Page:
Sen. Russ Feingold (D-WI) makes his concession speech to his supporters Tuesday in Middleton, Wis., after losing to Republican challenger Ron Johnson for the Wisconsin U.S. Senate seat.
Wisconsin Sen. Russ Feingold, the Democratic half of the McCain-Feingold campaign finance law, lost his bid for a fourth term Tuesday. The 2002 law was the high-water mark in the regulation of money in national politics, but a Supreme Court ruling this year whittled away at his best-known legislation.
Feingold arrived in Washington, D.C., as an outsider. In 1992, his first Senate race, he produced rather off-kilter campaign ads.
"They said I couldn't beat an incumbent state senator. But I did," Feingold said in one ad. "Now they say I won't be your next United States senator, 'cause I don't have a fortune to spend on expensive TV commercials like my opponents. But I don't think wild spending is what people want in a senator anyway."
After he was elected — and even re-elected — Feingold never became an inside player.
"He made that decision when he came in — that the way he wanted to serve as a senator was not to go along to get along, or even to climb the leadership ladder," says Meredith McGehee, a good-government lobbyist who worked with Feingold on campaign finance issues.
So Feingold's biggest legacy is the law he crafted with Republican Sen. John McCain — a law that stanched the flow of six- and seven-figure checks into the national party committees and stopped members of Congress from soliciting similar contributions for anyone else.
Before the final floor vote, Feingold pleaded, "In this moment, we can show the American people that we are the Senate that they want us to be. We can pass this legislation and put our lasting mark on the record of democracy."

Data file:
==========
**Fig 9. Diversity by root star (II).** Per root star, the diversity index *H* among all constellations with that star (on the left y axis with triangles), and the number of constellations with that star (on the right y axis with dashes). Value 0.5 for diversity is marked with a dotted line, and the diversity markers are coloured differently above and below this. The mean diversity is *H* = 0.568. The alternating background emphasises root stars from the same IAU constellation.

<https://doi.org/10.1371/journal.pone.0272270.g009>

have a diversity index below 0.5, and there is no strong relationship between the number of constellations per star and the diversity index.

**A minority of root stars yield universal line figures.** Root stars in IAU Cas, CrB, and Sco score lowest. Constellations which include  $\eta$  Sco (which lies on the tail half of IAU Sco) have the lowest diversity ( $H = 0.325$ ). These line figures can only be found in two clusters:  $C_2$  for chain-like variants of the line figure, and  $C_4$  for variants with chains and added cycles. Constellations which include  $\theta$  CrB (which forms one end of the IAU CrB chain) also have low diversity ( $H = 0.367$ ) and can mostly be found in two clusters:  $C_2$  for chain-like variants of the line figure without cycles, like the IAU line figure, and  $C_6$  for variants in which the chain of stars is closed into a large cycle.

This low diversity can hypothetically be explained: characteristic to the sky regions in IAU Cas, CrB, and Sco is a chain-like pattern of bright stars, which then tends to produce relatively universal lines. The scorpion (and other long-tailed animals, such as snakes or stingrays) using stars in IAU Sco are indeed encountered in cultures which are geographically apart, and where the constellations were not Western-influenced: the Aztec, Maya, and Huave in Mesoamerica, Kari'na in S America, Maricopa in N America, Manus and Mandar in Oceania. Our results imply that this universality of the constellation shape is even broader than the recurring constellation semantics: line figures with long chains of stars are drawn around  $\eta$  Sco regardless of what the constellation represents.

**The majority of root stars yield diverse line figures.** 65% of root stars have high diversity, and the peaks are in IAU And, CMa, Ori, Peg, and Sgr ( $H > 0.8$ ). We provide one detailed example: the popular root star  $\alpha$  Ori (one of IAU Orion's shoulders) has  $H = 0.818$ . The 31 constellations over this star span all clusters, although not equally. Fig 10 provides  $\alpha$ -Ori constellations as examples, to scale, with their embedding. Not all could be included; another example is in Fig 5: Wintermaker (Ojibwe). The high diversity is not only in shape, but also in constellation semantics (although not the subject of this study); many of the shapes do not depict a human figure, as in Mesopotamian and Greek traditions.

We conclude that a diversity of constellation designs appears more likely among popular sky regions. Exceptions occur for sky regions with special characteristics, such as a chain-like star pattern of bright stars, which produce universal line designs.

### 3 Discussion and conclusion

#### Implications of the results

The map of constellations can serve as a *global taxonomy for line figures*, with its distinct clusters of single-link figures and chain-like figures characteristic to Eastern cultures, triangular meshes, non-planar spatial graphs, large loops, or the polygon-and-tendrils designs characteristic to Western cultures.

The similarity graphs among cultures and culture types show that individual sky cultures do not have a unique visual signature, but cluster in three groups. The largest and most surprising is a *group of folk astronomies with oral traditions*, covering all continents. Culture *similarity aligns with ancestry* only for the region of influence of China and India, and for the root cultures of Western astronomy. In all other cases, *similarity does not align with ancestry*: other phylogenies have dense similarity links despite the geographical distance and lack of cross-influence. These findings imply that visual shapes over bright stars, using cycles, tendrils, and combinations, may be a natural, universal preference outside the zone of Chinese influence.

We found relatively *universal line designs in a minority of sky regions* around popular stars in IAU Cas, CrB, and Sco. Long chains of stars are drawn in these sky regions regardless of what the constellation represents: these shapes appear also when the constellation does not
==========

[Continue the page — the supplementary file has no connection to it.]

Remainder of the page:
Messing with the fundraising laws is one sure way to aggravate the leadership on Capitol Hill. And Feingold found others.
After the Sept. 11 attacks, he was the only senator to vote against the Patriot Act giving federal authorities new investigative powers. And he has consistently opposed the war in Afghanistan.
But meanwhile, conservatives filed lawsuits that whittled away at McCain-Feingold. And in January, the Supreme Court crippled it. The court's Citizens United decision allows corporations and unions to spend all the money they want on ads promoting or attacking individual candidates.
Democrats called a hearing, and Feingold was the first witness.
"This terrible decision deserves as robust a response as possible. Nothing less than the future of our democracy is at stake," he said.
But the response took months to emerge, and it died in the Senate.
This fall, outside money groups, mostly on the right, flooded congressional campaigns with attack ads. In some races, they outspent the candidates.
McGehee, the good-government lobbyist, says lawmakers who will work to toughen up the campaign finance laws are few and far between.
"You really have to have somebody pretty courageous that wants to come in because they know it needs to be done, knowing that it's going to make them unpopular often with their colleagues, but knowing it's incredibly important for the country," she says.
And it's a good thing there aren't more of them, says Cleta Mitchell, a campaign finance lawyer who worked on the team opposing the McCain-Feingold law.
"The more we can try to wind that down, the better, and undo the damage that people like Russ Feingold have done. I'm not sorry to see him go," Mitchell says.
As to where he will go, Feingold gave a buildup during his concession speech Tuesday night.
"It is on to our next adventure! Forward," he said. But he left it at that.